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Abstract: TH-PO748

A Qualitative Study to Understand Contraceptive Use in Women With Kidney Disease

Session Information

Category: Women's Health and Kidney Diseases

  • 2100 Women's Health and Kidney Diseases


  • Shah, Silvi, University of Cincinnati, Cincinnati, Ohio, United States
  • Gudsoorkar, Priyanka, University of Cincinnati, Cincinnati, Ohio, United States
  • Vyas, Prema D., Texas Christian University, Fort Worth, Texas, United States
  • Pensak, Meredith J., University of Cincinnati, Cincinnati, Ohio, United States

Pregnancy in women with kidney disease is not uncommon and is associated with adverse maternal and fetal outcomes. The use of contraception in women with kidney disease remains low. Little is known about patients’ experiences regarding contraceptive use with kidney disease.


The qualitative approach included five focus group discussions (n=13) among women of reproductive age between 18-44 years from a large academic center with a history of kidney disease. Participants shared their experiences and perceptions of contraceptive use, including barriers and facilitators. Interviews were audio-recorded, transcribed, analyzed by two independent reviewers, and coded using a thematic analysis approach.


Five major themes emerged in the analyses emerged. ‘Knowledge gap’ reflected variability ranging from low to considerable understanding regarding reproductive health including knowledge about impaired fertility with kidney disease, use of teratogenic medications that may lead to birth defects, and risk of adverse pregnancy outcomes. ‘Lack of counseling’ was attributed to time constraints and inadequate counseling by physicians regarding contraceptive use. Women stressed the importance of needing to advocate for one’s own reproductive health, and family and spousal support. ‘Lack of interdisciplinary approach’ involved a lack of coordination of care between nephrologists and gynecologists regarding contraceptive use. Interestingly, a few transplant recipients were better informed about contraceptive use due to follow-up by multidisciplinary transplant teams. ‘Insufficient educational resources' referred to the unavailability of educational materials to guide contraception discussion, resulting in a lack of trust in the medical system, and an increase in the utilization of the internet for health information. The final theme, ‘need for research’ highlighted that not enough importance is placed on family planning. Women expressed the fear of unintended pregnancy and frequent decisional conflicts between their own and their baby’s health.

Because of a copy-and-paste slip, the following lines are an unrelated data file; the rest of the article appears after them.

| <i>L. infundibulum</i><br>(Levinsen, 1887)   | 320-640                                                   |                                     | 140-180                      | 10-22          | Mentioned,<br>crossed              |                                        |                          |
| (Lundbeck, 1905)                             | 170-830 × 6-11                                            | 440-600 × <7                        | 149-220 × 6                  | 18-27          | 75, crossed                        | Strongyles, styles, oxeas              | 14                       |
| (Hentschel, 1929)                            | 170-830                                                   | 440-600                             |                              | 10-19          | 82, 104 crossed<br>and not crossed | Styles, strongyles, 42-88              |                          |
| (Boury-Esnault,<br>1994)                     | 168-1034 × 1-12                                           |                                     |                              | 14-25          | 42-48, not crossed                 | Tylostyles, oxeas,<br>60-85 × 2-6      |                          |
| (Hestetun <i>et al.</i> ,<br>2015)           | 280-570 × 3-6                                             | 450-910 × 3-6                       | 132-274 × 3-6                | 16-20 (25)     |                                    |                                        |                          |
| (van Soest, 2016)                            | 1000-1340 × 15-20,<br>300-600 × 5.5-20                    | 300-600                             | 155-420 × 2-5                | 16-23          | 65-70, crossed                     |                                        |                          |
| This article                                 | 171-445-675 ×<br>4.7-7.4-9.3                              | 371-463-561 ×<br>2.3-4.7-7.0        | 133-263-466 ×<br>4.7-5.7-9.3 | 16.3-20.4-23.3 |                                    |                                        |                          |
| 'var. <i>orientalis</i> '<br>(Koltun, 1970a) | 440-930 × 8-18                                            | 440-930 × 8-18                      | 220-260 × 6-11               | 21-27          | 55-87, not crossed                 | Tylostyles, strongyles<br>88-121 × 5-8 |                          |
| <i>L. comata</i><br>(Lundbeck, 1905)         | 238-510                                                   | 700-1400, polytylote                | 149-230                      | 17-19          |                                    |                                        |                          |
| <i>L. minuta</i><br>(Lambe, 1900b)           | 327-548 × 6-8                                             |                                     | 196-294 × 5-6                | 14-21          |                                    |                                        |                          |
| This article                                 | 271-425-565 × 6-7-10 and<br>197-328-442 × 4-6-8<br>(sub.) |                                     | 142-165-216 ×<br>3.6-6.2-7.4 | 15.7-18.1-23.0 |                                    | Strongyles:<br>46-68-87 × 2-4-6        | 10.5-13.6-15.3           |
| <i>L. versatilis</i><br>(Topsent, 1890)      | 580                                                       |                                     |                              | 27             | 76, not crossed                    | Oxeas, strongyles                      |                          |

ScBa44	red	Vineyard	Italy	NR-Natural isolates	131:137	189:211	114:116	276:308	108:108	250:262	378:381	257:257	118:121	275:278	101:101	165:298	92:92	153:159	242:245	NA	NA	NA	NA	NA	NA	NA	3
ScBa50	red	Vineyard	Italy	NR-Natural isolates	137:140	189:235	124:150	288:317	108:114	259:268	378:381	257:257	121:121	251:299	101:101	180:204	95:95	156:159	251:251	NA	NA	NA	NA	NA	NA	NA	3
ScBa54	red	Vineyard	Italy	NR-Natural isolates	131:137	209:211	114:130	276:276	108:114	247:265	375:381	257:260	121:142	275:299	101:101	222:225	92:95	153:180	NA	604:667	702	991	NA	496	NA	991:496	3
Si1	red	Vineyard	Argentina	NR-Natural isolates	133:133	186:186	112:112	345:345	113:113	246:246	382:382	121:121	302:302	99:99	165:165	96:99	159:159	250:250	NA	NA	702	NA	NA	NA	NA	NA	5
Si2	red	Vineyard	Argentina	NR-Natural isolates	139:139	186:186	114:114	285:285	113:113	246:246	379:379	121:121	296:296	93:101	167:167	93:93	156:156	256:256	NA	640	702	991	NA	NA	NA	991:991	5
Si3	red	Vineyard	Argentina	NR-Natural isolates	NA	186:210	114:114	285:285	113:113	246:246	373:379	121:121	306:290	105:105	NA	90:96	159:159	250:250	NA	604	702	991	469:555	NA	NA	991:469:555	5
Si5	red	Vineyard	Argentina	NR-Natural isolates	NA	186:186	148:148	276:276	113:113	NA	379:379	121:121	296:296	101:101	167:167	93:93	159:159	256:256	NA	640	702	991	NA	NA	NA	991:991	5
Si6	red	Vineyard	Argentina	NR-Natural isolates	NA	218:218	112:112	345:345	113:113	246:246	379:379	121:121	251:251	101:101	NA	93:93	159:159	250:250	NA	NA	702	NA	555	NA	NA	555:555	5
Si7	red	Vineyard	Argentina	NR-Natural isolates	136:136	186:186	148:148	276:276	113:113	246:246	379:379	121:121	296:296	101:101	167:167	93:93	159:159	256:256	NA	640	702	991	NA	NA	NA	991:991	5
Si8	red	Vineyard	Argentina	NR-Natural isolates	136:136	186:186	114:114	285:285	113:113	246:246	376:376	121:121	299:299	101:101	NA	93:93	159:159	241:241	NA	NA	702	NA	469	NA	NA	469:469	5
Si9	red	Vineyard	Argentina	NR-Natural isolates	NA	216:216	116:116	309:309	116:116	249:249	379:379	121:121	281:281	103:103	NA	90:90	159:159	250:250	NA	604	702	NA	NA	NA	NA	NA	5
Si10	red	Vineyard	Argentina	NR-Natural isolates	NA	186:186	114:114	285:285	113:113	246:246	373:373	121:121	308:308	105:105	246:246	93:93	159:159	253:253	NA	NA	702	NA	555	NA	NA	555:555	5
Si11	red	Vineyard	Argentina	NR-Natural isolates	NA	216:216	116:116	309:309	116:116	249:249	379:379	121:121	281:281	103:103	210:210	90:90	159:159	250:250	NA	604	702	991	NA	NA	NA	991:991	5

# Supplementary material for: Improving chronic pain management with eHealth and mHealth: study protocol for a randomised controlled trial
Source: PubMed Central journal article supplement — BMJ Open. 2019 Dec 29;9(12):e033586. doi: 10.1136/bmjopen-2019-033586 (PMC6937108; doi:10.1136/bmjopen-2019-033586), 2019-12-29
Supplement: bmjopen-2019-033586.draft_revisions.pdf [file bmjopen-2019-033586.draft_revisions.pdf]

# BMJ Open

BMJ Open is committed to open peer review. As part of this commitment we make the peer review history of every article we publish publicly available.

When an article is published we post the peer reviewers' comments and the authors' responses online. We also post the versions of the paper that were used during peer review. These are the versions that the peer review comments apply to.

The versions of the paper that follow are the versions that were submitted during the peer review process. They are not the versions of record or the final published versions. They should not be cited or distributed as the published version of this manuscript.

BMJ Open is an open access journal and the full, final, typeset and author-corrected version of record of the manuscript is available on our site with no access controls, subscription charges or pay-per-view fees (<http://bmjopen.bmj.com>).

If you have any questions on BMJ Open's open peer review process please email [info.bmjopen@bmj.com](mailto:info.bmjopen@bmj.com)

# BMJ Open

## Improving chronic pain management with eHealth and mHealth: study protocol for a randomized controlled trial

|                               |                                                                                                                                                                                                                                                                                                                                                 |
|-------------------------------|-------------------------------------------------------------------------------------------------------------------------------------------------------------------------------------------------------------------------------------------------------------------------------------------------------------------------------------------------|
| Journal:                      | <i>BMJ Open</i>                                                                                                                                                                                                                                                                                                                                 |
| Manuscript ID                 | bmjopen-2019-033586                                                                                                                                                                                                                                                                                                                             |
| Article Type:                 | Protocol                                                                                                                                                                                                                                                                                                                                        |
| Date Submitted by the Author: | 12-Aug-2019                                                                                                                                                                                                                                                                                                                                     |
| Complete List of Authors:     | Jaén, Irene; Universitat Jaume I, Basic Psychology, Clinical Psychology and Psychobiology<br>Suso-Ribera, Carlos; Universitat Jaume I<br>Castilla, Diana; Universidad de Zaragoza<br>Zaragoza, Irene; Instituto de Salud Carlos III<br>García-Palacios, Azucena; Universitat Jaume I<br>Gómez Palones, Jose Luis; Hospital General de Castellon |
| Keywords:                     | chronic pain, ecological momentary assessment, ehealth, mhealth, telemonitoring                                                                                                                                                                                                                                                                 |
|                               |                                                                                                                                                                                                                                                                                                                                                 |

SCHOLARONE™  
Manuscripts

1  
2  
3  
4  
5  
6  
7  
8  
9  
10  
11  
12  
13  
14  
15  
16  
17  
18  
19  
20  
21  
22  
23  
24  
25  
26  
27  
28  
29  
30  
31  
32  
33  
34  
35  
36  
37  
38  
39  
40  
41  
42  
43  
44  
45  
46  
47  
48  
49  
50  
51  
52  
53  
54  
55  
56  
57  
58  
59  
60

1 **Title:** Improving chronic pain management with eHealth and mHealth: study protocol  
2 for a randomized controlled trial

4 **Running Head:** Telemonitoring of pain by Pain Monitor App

Participants with kidney disease reported emotional challenges with reproductive health care and a lack of counseling for contraceptive use. A critical need exists to bridge the knowledge gap for women with kidney disease and the interdisciplinary care approach.


  • Other NIH Support